4. Crack the eggs over the tomato mixture, spacing them evenly. Turn the heat to medium low and loosely cover the skillet with aluminum foil or a lid left slightly ajar. Allow to simmer until the tomatoes have reduced a bit more and the eggs are cooked, about 10 minutes.
5. Uncover the skillet, remove from the heat, and transfer it to a rack to cool slightly, about 5 minutes. Garnish with parsley and serve hot, on its own, atop rice or couscous, or accompanied by slices of baguette. Leftovers can be refrigerated in a covered container for up to 2 days.
“Originally cooked over an open flame in a shallow pan, this dish from Spain’s Valencia region fits right into your skillet,” writes Shumski about this recipe.
“Skillet paella takes advantage of cast iron’s versatility. It starts on the stovetop and finishes in the oven, which means the last 30 minutes or so don’t require you to hover over the dish and leaves you free to enjoy, say, a traditional Spanish beverage such as sangria, or the drink of your choice.”
Seafood Paella ingredients
3 cups reduced-sodium chicken broth
1 tablespoon tomato paste
Pinch of whole saffron threads (optional; see Notes)
3 tablespoons extra-virgin olive oil
1 medium-size white or yellow onion, finely chopped
1 1⁄2 cups Arborio rice (see Notes)
1 medium-size plum tomato, diced
Salt and freshly ground black pepper
1 pound raw scallops and/or peeled shrimp and/or squid, cut into 1-inch chunks
Chopped fresh parsley and lemon wedges, for garnish
Make the dish
1. Preheat the oven to 450°F with one rack in the middle.
2. In the skillet over medium heat, warm up about 1/2 cup of the broth to about 120°F (the temperature of hot tap water) for about 2 minutes. In a small bowl, mix the tomato paste with the warm broth and saffron. Allow the mixture to stand. (This allows the color and flavor of the saffron to be more evenly distributed when it’s added to the rest of the broth and the rice. If you’re not using the saffron, don’t skip this step; it also helps the tomato paste disperse evenly in the skillet.)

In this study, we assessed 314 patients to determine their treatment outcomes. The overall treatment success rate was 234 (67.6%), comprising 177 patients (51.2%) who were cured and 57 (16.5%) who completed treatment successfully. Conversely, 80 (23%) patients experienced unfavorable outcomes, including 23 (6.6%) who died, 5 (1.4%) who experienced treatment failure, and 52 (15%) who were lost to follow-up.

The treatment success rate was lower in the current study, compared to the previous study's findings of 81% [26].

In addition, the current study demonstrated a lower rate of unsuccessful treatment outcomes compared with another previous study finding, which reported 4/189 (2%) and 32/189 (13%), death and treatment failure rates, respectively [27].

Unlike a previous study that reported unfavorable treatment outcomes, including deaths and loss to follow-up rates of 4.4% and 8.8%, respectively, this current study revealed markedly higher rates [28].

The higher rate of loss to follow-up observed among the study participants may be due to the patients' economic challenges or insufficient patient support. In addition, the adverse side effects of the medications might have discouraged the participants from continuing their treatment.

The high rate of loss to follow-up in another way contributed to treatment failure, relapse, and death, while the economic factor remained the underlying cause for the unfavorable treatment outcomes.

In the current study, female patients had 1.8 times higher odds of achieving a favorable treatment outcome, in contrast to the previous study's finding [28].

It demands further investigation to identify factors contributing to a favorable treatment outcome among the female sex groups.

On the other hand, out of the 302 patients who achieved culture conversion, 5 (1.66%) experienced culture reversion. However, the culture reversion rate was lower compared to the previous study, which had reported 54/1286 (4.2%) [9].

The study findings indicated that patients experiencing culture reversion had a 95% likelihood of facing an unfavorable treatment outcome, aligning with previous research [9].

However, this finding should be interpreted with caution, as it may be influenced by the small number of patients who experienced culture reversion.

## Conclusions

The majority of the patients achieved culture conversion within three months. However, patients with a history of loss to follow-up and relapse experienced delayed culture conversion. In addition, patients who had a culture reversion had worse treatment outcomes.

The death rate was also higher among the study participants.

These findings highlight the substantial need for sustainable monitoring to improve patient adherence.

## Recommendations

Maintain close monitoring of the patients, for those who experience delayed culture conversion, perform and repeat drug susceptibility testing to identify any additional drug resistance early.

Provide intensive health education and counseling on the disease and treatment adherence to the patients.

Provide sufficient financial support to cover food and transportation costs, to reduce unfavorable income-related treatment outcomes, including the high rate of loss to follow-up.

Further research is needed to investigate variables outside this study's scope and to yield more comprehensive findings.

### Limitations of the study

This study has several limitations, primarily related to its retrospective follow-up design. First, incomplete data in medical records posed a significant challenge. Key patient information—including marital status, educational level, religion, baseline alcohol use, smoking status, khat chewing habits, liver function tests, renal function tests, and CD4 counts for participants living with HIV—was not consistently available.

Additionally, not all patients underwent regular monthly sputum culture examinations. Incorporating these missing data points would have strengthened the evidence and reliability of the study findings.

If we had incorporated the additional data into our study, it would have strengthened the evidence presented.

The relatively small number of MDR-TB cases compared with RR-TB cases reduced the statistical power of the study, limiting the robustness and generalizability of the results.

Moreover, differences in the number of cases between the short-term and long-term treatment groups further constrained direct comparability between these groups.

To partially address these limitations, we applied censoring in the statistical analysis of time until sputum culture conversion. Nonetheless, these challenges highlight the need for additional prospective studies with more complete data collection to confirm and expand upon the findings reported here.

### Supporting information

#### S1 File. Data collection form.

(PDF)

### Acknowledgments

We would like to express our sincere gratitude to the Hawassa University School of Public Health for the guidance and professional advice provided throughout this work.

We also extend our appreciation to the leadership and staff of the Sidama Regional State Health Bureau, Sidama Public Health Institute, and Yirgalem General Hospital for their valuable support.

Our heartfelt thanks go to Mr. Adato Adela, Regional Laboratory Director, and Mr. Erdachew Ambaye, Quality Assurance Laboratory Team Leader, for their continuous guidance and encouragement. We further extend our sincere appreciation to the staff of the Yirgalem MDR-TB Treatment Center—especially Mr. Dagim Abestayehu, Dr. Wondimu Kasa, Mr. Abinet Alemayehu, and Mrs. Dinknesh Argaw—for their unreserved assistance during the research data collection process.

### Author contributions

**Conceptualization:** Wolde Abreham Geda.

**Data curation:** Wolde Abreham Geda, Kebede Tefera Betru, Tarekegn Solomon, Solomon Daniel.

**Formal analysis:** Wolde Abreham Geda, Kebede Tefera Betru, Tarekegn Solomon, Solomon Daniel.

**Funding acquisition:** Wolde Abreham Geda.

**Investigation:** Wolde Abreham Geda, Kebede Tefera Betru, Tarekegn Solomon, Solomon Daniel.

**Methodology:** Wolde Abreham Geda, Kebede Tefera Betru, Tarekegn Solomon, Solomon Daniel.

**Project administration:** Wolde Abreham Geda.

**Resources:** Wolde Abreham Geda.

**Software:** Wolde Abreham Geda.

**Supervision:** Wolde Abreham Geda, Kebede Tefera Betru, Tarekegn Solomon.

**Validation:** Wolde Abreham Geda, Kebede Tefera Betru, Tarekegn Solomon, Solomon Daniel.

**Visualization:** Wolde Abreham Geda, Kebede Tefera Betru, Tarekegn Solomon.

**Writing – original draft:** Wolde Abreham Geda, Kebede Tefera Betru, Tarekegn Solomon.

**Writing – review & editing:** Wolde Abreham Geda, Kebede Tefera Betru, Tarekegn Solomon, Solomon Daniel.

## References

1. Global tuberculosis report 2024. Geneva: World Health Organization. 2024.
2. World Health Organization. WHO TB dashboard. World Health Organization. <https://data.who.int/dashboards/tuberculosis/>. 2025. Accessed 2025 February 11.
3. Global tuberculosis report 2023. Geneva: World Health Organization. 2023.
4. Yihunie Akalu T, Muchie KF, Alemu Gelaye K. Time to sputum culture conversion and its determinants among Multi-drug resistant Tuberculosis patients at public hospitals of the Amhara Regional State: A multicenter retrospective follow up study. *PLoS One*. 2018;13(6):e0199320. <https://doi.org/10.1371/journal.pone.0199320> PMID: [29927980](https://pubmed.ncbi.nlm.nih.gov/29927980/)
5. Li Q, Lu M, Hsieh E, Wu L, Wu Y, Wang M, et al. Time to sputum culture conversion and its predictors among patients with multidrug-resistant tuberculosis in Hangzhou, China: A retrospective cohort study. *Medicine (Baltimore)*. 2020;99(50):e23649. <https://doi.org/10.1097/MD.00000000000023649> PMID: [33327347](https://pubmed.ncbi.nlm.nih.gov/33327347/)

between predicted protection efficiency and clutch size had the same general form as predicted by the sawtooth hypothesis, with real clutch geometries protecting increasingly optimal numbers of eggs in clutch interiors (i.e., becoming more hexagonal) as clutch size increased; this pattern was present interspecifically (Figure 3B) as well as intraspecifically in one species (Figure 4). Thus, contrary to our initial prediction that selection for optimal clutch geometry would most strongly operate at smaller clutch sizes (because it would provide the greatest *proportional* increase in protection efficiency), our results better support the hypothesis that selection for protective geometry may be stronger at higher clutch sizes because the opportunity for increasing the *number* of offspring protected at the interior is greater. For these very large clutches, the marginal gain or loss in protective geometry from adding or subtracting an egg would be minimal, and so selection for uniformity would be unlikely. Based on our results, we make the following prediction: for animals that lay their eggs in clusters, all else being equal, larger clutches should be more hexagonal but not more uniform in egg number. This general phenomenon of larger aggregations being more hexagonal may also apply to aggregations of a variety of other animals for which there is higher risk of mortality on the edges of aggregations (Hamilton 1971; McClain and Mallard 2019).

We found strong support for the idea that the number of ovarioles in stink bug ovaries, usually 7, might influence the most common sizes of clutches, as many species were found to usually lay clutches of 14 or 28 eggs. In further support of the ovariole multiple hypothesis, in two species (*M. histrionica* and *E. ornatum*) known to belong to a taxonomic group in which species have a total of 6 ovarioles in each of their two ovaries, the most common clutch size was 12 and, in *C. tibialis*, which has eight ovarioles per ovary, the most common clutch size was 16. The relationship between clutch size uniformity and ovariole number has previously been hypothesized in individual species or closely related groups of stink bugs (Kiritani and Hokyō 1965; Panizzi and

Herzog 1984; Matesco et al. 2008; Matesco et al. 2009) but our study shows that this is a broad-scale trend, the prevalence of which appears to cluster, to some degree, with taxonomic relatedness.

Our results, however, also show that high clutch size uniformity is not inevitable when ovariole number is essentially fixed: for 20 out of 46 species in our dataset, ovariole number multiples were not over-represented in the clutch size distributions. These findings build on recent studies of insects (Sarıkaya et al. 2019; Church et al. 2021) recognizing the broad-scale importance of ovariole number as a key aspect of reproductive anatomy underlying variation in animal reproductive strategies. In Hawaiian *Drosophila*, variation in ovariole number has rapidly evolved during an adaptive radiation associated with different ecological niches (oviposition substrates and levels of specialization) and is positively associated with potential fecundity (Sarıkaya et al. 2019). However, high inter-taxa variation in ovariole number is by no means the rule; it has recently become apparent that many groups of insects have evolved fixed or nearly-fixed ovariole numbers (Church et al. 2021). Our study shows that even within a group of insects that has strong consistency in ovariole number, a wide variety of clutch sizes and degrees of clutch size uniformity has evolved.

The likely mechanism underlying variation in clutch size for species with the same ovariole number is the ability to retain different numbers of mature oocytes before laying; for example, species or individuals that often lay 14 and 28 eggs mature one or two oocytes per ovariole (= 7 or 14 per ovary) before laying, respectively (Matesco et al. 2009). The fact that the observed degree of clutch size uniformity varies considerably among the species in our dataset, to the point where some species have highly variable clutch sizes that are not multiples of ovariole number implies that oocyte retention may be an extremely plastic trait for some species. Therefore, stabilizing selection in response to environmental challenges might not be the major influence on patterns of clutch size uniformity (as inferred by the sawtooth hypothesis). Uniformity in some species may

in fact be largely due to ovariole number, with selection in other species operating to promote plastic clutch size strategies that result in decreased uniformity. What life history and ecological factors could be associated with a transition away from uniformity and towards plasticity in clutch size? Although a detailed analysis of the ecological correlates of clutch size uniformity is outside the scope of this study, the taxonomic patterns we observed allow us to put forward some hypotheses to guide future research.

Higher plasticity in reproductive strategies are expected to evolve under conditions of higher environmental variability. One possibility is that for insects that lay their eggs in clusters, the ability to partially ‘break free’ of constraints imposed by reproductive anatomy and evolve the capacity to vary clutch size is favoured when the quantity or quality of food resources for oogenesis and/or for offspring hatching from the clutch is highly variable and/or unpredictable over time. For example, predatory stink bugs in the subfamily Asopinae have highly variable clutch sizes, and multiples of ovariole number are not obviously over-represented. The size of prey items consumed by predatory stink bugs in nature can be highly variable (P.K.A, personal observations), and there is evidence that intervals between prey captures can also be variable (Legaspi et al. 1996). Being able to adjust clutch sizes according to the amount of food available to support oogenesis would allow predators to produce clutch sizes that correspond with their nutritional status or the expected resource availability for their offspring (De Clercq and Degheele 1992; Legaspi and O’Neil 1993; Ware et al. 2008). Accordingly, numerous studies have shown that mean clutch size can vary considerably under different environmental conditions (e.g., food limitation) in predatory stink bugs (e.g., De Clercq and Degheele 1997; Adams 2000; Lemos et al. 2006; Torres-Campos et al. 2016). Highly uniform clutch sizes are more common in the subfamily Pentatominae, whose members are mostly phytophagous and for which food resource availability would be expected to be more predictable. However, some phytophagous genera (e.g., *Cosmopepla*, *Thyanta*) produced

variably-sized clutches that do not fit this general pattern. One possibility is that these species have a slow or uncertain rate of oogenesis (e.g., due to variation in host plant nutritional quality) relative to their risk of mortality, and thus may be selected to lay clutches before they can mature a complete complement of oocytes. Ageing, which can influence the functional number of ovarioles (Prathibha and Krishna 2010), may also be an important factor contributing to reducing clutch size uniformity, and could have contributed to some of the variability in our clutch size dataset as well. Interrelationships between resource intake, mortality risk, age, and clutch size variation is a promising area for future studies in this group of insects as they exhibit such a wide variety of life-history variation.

3. Turn the heat to medium high, add the olive oil to the skillet, and allow it to heat for 1 minute. Add the onion and cook, stirring occasionally, until it’s softened, about 5 minutes.
4. Add the rice and cook, stirring frequently, until it turns shiny, about 2 minutes.
5. Taking care because the skillet is hot (and the liquid may bubble and spit), add all of the broth to the skillet, including the warmed broth with the saffron, followed by the tomato.
6. Add 1/4 teaspoon salt and 1/4 teaspoon pepper, stir, then taste to check for seasoning and add more salt and pepper as necessary.
7. Stir in the seafood, then place the skillet in the oven.
8. Bake until almost all the liquid is absorbed, about 30 minutes.
9. Remove the skillet from the oven and serve the paella hot, garnished with parsley and lemon wedges. Leftovers can be refrigerated in a covered container for 1 day.
• Saffron is expensive, yes, but also irreplaceable—and note how little is required. A small vial will carry you through quite a few recipes. What you’re buying are the hand-harvested stigmas of a crocus flower, which lends not only a bright yellow color to the dish but also an almost sweet, floral background note that might be compared very roughly to a cup of Earl Grey tea. It can be added to rice dishes, stews, and soups.
• Arborio rice is not the traditional rice for paella—but neither is a cast-iron skillet the traditional vessel. Arborio does share an important trait with the bomba variety of rice typically used, in that it will stay distinct and not turn to mush, even as it absorbs the liquid around it.
MIXED FRUIT GALETTE
“The free-form tart dough envelops just about any fruit, while the skillet takes care of collecting any juices that might run out,” writes the author. “It’s often baked on a baking sheet, but using the skillet instead means any runoff from the fruit won’t collect on the bottom of your oven. In fact, it can be brushed back on top of the fruit as a glaze, along with any butter that escapes from the pastry.”